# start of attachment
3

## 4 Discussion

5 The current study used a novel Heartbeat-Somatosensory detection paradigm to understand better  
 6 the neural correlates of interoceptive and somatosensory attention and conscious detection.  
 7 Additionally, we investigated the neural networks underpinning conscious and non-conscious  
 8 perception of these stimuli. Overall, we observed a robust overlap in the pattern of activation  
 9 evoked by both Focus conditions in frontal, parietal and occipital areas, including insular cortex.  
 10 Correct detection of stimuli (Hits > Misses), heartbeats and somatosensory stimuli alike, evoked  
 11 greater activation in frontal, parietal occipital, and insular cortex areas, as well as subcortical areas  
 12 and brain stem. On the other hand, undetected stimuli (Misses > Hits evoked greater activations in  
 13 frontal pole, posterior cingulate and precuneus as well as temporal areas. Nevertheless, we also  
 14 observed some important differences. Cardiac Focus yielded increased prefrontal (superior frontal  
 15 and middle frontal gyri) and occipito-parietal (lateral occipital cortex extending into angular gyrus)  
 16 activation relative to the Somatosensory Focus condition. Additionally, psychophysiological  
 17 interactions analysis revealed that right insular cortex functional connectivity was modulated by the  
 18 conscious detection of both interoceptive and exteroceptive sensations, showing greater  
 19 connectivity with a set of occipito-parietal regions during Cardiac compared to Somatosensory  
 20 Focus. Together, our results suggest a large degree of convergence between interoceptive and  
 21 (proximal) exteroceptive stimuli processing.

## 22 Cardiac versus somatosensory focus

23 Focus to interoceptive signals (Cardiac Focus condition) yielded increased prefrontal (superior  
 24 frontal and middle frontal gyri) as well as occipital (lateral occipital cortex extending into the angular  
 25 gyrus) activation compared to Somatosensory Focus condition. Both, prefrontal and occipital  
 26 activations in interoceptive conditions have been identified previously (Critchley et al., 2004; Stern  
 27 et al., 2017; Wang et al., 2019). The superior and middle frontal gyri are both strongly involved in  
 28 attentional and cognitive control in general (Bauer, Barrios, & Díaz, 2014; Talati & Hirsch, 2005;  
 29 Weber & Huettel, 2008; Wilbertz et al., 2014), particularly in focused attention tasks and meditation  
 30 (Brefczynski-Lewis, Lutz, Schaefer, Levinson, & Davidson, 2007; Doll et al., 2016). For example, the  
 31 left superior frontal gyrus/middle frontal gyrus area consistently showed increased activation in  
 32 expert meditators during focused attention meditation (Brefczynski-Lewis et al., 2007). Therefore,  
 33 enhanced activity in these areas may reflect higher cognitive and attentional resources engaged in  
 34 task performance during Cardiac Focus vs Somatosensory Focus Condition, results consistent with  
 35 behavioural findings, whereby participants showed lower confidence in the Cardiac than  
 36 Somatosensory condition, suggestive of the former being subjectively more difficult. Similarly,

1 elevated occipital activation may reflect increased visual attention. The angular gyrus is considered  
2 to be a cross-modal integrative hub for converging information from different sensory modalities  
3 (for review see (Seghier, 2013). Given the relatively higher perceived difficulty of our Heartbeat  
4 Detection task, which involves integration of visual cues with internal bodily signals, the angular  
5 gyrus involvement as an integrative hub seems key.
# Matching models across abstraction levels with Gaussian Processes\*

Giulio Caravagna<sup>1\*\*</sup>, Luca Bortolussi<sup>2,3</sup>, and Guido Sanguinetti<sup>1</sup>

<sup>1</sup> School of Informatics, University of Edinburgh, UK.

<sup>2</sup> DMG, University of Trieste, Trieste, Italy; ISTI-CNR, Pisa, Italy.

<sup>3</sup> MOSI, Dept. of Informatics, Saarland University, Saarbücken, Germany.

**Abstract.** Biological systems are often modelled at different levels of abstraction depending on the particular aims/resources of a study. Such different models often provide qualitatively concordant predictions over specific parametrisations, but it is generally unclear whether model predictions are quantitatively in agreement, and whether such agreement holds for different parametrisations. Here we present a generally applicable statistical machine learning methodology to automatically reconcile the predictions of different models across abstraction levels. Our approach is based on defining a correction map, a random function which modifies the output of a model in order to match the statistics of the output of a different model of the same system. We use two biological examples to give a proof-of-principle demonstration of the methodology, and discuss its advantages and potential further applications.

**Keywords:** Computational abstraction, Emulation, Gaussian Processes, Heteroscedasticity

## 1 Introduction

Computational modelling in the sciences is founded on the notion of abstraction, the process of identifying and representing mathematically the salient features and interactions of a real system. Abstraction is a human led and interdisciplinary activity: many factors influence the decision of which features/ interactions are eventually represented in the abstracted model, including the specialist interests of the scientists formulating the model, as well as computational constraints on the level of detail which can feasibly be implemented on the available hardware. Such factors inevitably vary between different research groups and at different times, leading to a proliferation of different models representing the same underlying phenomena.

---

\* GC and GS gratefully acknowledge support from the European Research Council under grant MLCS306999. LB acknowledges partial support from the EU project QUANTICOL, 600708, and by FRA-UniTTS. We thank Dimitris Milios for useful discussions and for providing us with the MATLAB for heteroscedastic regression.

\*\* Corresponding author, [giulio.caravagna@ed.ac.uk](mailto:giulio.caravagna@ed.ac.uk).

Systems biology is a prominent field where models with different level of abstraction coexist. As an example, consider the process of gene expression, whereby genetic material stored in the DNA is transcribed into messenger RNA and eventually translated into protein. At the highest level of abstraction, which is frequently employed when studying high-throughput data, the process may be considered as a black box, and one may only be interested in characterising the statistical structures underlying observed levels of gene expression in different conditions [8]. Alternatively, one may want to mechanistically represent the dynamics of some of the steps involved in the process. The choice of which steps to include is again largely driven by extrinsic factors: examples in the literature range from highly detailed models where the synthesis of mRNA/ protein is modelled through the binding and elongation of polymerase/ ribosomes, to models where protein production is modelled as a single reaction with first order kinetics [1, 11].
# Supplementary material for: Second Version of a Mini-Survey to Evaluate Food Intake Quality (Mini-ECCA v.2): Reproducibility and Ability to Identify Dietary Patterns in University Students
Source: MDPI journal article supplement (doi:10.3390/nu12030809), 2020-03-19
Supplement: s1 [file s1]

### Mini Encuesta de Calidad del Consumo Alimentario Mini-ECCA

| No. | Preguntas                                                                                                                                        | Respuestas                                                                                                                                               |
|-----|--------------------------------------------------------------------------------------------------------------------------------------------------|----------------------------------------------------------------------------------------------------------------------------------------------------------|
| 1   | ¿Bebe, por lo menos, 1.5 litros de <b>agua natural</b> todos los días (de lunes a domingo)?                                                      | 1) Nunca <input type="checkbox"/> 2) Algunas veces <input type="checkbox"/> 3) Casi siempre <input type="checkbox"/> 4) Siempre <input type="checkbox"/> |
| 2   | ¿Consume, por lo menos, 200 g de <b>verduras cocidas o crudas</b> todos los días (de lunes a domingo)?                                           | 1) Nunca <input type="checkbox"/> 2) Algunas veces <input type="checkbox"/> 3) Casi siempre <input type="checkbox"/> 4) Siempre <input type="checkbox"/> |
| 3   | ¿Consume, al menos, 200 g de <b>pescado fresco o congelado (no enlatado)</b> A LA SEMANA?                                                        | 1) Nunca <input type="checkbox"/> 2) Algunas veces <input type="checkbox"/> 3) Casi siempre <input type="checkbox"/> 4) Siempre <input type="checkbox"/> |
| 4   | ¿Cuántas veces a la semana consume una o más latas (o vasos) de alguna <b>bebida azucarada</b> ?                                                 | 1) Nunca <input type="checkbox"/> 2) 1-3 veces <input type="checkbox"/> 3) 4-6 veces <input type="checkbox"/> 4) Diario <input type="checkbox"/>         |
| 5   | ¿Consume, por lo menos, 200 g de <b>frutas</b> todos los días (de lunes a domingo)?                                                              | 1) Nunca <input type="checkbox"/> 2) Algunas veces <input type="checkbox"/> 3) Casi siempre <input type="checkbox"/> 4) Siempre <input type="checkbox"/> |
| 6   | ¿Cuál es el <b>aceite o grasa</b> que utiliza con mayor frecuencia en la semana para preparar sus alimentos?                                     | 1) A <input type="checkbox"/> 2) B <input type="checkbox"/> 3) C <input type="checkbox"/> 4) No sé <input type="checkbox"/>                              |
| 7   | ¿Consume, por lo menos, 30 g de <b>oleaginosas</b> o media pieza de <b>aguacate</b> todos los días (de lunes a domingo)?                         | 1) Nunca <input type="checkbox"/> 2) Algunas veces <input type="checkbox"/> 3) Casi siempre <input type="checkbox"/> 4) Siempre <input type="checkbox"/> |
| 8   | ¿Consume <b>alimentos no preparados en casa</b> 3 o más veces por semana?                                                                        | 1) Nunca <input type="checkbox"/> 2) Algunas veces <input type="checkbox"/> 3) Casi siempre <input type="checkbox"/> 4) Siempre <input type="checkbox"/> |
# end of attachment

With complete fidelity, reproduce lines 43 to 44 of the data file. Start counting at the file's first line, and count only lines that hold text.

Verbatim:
<sup>2</sup> DMG, University of Trieste, Trieste, Italy; ISTI-CNR, Pisa, Italy.

<sup>3</sup> MOSI, Dept. of Informatics, Saarland University, Saarbücken, Germany.